Energy Startup Day: Collaboration in theory and practice

Stefan Kyora

13.11.2015 08:47

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At the first Energy Startup Day, about 40 start-ups met representatives of large companies, support organisations and research institutes. And the keynote speakers talked about success factors for cleantech companies.

Almost 100 people attended the first Energy Startup Day at the Umweltarena Spreitenbach, including representatives of start-up companies, energy suppliers, research institutions and support organisations. The event had a special format: the focus was on networking and what took place in the breaks or during an aperitif was an integral part of Energy Startup Day. The event began with an extensive poster session, in which the start-ups were able to present their businesses and products individually.

This was followed by the keynote speeches, in which two company founders, a scientist and the Zurich Senate candidate Bastien Girod talked about the challenges and best practices of cleantech start-ups. Here, too, the networking theme played an important role, as shown in the talk by Devon Wemyss from ZHAW, who presented the results of a study on Swiss cleantech start-ups.

She emphasised that “collaboration is essential for all cleantech start-ups in our study”, and gave three reasons:

  • Start-ups have access to a wider customer base through a trusted long-term provider
  • Start-ups can balance the capital intensity of infrastructure through shared sunk costs and innovation
  • Start-ups can build legitimacy through piloting with a validated firm

However, a collaboration with a start-up has advantages for a large company as well. It can accelerate prototyping with an external risk taker, develop innovative products or services without major organisational or structural changes, and gain access to ‘out-of-house’ skills.

Andreas Witzig, founder of the cleantech company Vela Solaris, also stressed the importance of collaboration along the value chain. He explained that Vela Solaris implemented innovations not only in the technical field, but also in the business model, which often opens up new channels that can be tackled with new partners.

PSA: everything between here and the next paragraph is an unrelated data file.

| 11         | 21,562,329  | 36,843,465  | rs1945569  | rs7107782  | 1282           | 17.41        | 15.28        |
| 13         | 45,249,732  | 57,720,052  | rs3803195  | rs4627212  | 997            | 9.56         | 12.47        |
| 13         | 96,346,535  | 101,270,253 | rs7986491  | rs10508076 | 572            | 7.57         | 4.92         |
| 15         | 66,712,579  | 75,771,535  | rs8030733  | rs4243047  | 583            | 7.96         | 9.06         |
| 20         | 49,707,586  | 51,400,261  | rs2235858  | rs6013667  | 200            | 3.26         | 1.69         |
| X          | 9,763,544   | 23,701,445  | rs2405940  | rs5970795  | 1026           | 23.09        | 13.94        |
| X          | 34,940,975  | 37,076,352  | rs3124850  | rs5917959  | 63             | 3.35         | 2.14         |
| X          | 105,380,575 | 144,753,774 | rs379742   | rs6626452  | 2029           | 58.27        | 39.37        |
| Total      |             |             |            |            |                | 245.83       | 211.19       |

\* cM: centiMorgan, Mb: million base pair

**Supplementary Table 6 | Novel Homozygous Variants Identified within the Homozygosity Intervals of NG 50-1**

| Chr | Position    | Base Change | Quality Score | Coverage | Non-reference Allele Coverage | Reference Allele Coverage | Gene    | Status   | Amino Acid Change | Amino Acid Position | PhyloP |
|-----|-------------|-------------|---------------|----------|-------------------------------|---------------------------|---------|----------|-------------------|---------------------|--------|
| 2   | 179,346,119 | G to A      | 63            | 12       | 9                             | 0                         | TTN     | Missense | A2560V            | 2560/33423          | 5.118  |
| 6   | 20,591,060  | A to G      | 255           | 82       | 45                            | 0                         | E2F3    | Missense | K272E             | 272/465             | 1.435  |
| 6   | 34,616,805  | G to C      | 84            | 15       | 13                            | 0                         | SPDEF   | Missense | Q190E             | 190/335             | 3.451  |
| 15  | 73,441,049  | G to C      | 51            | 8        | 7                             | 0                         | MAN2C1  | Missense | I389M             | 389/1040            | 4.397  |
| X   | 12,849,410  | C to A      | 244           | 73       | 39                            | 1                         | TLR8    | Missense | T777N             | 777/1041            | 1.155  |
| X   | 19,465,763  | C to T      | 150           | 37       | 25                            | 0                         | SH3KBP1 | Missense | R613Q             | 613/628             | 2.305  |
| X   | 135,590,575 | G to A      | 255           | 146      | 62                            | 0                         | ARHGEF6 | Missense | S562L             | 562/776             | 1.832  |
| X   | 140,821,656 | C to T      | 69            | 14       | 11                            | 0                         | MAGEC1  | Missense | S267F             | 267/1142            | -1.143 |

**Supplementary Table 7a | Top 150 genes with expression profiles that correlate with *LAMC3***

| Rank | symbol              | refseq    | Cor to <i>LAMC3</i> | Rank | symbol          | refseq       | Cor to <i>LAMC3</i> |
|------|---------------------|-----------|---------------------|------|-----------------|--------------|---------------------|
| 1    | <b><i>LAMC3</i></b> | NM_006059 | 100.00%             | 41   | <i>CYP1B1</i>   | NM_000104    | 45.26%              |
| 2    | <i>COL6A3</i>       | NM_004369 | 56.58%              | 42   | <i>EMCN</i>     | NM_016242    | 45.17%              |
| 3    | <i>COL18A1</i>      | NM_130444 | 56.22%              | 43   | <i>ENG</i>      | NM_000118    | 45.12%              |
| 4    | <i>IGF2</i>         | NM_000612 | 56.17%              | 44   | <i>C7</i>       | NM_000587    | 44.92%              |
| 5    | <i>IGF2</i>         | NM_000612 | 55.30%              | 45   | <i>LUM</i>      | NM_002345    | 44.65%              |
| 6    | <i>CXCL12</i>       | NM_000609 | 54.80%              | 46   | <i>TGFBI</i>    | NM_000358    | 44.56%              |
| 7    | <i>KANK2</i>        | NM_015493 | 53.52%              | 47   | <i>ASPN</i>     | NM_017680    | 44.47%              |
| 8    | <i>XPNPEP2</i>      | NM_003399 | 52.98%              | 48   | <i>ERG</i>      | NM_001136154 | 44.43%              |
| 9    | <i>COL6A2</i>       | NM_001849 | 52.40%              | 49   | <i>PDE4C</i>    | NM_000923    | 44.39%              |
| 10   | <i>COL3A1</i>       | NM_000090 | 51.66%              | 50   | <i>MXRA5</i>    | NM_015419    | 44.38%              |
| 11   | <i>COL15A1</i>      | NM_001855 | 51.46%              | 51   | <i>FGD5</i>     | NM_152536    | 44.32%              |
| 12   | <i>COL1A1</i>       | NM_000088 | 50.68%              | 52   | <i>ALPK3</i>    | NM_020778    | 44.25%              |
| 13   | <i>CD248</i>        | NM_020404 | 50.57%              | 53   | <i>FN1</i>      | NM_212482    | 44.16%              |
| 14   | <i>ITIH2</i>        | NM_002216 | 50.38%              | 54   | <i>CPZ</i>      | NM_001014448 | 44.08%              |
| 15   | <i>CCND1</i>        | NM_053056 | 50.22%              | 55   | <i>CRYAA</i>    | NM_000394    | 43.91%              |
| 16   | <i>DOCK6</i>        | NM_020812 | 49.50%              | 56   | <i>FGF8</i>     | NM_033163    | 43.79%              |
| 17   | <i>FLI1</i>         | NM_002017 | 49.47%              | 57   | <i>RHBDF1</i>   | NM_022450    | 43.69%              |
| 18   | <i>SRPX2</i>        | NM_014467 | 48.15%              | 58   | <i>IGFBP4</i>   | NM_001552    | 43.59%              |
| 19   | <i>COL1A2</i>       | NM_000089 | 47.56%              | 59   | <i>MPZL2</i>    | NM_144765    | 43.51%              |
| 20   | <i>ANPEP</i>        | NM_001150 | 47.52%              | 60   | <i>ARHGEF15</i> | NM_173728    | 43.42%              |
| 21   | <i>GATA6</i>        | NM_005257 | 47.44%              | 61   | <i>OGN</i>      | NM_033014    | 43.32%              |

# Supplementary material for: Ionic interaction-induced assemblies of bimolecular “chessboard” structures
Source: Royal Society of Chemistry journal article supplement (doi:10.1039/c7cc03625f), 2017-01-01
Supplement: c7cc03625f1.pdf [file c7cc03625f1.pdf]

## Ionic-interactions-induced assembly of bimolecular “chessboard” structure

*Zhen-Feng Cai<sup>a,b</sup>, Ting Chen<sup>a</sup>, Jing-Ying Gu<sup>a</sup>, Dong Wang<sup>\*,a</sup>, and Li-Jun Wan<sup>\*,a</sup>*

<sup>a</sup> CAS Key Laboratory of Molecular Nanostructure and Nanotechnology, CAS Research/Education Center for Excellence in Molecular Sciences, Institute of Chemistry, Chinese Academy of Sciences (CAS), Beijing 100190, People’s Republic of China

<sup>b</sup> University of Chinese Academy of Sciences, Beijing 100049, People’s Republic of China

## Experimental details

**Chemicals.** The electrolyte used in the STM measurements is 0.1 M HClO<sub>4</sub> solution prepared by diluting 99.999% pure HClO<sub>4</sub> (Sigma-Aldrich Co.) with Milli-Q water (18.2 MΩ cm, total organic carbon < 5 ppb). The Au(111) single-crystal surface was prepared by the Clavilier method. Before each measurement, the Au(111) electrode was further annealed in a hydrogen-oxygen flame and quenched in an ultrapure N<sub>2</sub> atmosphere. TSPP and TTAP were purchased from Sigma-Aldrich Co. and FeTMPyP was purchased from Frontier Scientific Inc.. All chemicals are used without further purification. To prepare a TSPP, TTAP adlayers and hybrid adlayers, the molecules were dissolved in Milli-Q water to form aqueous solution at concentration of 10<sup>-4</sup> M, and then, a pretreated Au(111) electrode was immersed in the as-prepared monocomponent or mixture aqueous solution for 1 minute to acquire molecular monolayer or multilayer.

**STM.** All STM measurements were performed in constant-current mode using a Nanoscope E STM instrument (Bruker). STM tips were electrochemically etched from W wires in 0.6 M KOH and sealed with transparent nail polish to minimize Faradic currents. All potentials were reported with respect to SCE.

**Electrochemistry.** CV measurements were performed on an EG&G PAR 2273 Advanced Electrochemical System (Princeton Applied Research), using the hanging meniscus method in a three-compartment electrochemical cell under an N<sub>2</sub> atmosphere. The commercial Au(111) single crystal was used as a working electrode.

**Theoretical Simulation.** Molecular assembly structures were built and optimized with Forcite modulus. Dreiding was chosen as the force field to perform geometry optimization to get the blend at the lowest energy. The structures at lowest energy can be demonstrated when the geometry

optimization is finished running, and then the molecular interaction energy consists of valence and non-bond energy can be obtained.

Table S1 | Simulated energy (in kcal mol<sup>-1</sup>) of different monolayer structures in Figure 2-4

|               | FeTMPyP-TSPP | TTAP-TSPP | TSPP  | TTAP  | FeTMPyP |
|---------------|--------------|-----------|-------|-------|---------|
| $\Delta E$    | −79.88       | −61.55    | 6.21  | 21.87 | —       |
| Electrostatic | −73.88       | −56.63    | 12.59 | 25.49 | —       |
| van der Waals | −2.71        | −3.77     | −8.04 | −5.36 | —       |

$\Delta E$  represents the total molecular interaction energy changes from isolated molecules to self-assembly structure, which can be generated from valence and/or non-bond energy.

The second company founder presented another aspect of the theme. Andrew Shaw, co-founder of Anerdgy, explained that elements of its product had emerged by working together with an SME. This collaboration was very open and goal-oriented, because the start-up could simply talk to the decision makers.

Bastien Girod's insights
Finally, Girod, the Green Party’s National Councillor and Senate candidate in the canton of Zurich who is also Senior Researcher in the Group for Sustainability and Technology at ETH Zürich, had some tips for the young entrepreneurs. He based his analysis on the political framework and advised start-ups not to place undue reliance on subsidies, as the latter are “highly uncertain”. In addition, he said: “There is a big cleantech wave globally, but not in Switzerland. Start-ups should look outside Switzerland.” Start-ups must look for partners not only in Switzerland, but also abroad.

The Energy Startup Day was organized by

* both are part of the SCCER CREST, Swiss Competence Center for Research in Energy, Society and Transition.

Two other article about the evenr were published by ZHAW and energeia plus, the blog of the Swiss Federal Office of Energy SFOE.

Picture: Florian Wehrli, ZHAW

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